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GET OUT THE VOTE

Early voting for the US midterms: Where, when, and how

Reuters/Jonathan Drake
Where, and how.
  • Annalisa Merelli
By Annalisa Merelli

Senior reporter based in New York City

Published Last updated This article is more than 2 years old.

Update: On Jan. 9, 2019, the state of New York passed legislation allowing early voting up to 10 days prior to the election. The chart below has been updated accordingly.

The US midterm elections are weeks away, but voting has already begun in some states. Thirty-seven states, plus the District of Columbia, allow early voting by mail or in-person.

Each state manages its own voting process and voter registration; policies vary greatly between states. While all states allow voting in person and via mail, each method comes with conditions. Some states allow early voting in person, while others require early votes to be sent in by mail. Some states require a justification to cast a ballot by mail (for instance, proof of living outside the state), while others don’t.

What is early voting?

Early voting exists in 37 states and the District of Columbia. It allows people to cast votes on their own schedule, within a certain window. Some early votes can be cast by mail. But in some states, it is also possible to vote early in person at designated locations (government offices, libraries, schools and malls can all be designated voting stations).

The timing of the early voting window varies from state to state, and even between counties within the same state. The earliest a state is allowed to vote is 45 days prior to election day (New Mexico, Wisconsin); the average early voting window opens 19 days before election day.

Absentee voting: How can I vote by mail?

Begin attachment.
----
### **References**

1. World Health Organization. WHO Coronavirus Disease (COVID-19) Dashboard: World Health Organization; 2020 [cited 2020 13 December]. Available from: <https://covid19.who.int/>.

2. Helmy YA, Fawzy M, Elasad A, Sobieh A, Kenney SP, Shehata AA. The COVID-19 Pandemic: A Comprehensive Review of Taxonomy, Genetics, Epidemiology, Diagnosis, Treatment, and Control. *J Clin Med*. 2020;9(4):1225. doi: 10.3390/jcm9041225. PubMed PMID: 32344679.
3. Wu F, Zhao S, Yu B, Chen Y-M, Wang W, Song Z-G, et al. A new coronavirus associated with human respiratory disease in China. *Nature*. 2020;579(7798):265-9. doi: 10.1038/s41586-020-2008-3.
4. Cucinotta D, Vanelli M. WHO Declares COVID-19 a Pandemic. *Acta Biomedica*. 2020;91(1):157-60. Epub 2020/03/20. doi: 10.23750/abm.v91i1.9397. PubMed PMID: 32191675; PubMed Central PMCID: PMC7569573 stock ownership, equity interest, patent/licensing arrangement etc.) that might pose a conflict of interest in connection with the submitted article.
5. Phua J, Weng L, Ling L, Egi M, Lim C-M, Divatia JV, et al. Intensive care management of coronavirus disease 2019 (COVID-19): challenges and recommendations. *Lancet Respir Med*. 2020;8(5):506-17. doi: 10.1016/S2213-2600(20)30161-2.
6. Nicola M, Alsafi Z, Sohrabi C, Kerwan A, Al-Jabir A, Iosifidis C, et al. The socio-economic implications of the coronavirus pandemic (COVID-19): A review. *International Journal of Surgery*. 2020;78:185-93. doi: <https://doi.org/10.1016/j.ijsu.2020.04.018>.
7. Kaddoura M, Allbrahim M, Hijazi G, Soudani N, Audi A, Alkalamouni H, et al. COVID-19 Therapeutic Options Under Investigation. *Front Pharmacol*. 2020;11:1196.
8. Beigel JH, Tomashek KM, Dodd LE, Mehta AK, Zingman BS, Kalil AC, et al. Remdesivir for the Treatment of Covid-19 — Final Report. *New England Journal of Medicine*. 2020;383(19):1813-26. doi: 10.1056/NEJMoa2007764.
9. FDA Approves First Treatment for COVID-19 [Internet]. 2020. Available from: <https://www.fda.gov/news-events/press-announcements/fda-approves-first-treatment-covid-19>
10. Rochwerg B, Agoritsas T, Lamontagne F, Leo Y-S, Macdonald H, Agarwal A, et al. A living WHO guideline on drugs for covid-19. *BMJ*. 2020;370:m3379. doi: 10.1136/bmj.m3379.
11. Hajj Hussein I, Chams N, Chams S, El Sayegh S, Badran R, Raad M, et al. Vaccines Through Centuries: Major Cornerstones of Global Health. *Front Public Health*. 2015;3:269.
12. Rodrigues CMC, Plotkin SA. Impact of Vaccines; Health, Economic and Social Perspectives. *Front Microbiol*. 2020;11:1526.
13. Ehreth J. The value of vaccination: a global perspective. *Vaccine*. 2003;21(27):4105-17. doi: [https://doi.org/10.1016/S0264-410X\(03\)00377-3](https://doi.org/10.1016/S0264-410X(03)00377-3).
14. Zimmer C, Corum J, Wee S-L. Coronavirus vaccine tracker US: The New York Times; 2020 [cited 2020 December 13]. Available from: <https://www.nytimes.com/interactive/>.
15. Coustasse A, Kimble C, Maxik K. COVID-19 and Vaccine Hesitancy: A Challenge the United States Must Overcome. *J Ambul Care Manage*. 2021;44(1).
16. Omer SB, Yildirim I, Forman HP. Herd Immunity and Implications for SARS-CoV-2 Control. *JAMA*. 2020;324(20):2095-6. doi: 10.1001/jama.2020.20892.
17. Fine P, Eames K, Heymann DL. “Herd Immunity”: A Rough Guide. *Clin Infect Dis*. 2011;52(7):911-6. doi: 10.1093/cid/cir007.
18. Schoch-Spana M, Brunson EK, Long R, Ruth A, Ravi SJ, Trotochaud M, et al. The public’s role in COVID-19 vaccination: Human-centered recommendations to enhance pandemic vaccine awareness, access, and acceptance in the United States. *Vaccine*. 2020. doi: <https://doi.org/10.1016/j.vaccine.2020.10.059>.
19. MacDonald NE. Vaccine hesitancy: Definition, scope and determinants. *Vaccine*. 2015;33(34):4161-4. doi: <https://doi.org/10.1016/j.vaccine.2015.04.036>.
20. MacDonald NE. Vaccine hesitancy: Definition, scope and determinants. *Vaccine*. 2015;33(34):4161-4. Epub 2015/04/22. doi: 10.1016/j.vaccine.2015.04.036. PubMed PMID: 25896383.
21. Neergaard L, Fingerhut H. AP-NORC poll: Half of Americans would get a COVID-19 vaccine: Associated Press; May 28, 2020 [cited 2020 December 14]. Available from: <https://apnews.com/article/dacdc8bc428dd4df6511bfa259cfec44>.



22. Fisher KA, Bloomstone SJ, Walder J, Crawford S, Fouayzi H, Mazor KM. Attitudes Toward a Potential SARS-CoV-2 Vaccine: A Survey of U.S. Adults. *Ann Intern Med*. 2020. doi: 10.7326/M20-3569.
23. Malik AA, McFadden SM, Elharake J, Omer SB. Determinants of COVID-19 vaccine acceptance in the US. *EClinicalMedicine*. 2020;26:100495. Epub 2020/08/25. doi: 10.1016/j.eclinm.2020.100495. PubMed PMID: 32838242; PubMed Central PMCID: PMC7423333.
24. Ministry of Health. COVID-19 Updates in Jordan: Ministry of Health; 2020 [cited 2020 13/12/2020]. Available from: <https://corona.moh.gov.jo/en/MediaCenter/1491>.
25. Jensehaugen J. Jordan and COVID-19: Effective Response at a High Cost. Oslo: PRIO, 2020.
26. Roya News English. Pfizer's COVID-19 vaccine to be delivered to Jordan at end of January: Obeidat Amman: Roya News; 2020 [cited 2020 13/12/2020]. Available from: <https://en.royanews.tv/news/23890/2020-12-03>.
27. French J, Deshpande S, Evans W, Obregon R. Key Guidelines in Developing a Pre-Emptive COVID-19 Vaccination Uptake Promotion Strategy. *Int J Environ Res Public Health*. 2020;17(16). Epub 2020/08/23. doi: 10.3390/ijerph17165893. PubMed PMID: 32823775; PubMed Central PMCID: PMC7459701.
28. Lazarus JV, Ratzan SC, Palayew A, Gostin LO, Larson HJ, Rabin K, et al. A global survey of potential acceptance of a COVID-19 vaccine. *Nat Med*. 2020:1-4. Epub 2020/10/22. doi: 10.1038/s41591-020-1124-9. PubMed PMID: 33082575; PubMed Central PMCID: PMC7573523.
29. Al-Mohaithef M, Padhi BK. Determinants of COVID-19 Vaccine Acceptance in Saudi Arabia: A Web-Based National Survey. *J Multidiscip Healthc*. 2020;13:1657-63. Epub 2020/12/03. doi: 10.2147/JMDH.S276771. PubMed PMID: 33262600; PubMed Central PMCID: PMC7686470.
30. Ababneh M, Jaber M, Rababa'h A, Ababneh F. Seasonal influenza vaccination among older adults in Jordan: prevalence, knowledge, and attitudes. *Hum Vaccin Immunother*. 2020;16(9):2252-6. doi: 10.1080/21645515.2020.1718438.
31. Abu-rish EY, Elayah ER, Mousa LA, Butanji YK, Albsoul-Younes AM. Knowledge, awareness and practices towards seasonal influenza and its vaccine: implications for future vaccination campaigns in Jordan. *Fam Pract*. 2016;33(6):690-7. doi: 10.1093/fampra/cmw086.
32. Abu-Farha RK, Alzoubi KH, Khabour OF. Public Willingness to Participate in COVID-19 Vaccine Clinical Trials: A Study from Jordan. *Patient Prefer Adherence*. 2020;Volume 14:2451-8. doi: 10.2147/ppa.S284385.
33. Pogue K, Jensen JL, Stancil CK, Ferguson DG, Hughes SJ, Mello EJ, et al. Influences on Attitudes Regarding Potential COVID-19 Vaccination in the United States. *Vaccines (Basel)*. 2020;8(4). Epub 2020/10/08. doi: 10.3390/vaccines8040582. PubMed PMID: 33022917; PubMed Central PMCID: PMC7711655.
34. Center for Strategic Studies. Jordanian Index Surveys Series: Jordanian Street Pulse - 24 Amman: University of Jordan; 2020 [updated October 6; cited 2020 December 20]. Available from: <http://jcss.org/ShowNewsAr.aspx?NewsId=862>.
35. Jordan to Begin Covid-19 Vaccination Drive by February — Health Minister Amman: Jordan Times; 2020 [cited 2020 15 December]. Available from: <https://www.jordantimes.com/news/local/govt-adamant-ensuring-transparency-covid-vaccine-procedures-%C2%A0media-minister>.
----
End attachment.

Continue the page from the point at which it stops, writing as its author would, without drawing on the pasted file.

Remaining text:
You can apply to be an absentee voter, and receive a ballot by mail. Just fill it out and send it back in by the deadline. In 27 states, you can vote by mail without any justification required. In 20 states, you are required to have a reason for voting by mail (for example, you’re studying outside your state, or are physically unable to go to the polls.)

A few states have a permanent absentee registry for those who wish to always vote via mail. In the three states of Washington, Oregon, and Colorado, you can only vote by mail.

Below is a breakdown of different states’ rules on early voting and absentee voting.  Early voting windows here reflect the most common dates for each state, but they could vary depending on specific county regulations—check your local government website to be sure!

Alabama
📧
Alaska
10/22 to 11/6
💌
Arizona
10/10 to 11/6
💌
💫
Arkansas
10/22 to 11/5
📧
California
10/7 to 11/6
💌
💫
Colorado
10/30 to 11/6
📮
Connecticut
📧
Delaware
📧
D.C.
10/22 to 11/5
💌
💫
Florida
10/27 to 11/3
💌
Georgia
10/15 to 11/2
💌
Hawaii
10/23 to 11/3
💌
💫
Idaho
10/22 to 11/2
💌
Illinois
10/22 to 11/5
💌
Indiana
10/10 to 11/5
📧
Iowa
10/8 to 11/6
💌
Kansas
10/30 to 11/5
💌
Kentucky
📧
Louisiana
10/23 to 10/30
📧
Maine
💌
Maryland
10/25 to 11/1
💌
Massachusetts
10/22 to 11/2
📧
Michigan
📧
Minnesota
9/21 to 11/5
💌
💫
Mississippi
📧
Missouri
📧
Montana
10/9 to 11/6
💌
💫
Nebraska
10/7 to 11/6
💌
Nevada
10/20 to 11/2
💌
💫
New Hampshire
📧
New Jersey
9/22 to 11/5
💌
💫
New Mexico
10/20 to 11/3
💌
New York
📧
North Carolina
10/17 to 11/3
💌
North Dakota
9/27 to 11/5
💌
Ohio
10/10 to 11/4
💌
Oklahoma
11/1 & 11/2 (8 am to 6 pm); 11/3 (9 am to 2 pm).
💌
Oregon
10/17 to 11/6
📮
Pennsylvania
📧
Rhode Island
📧
South Carolina
📧
South Dakota
9/21 to 11/6
💌
Tennessee
10/17 to 11/1
📧
Texas
10/22 to 11/2
📧
Utah
10/23 to 11/2
💌
💫
Vermont
9/22 to 11/6
💌
Virginia
📧
Washington
10/19 to 11/6
📮
West Virginia
10/24 to 11/3
📧
Wisconsin
9/20 to 11/6
💌
Wyoming
9/27 to 11/6
💌

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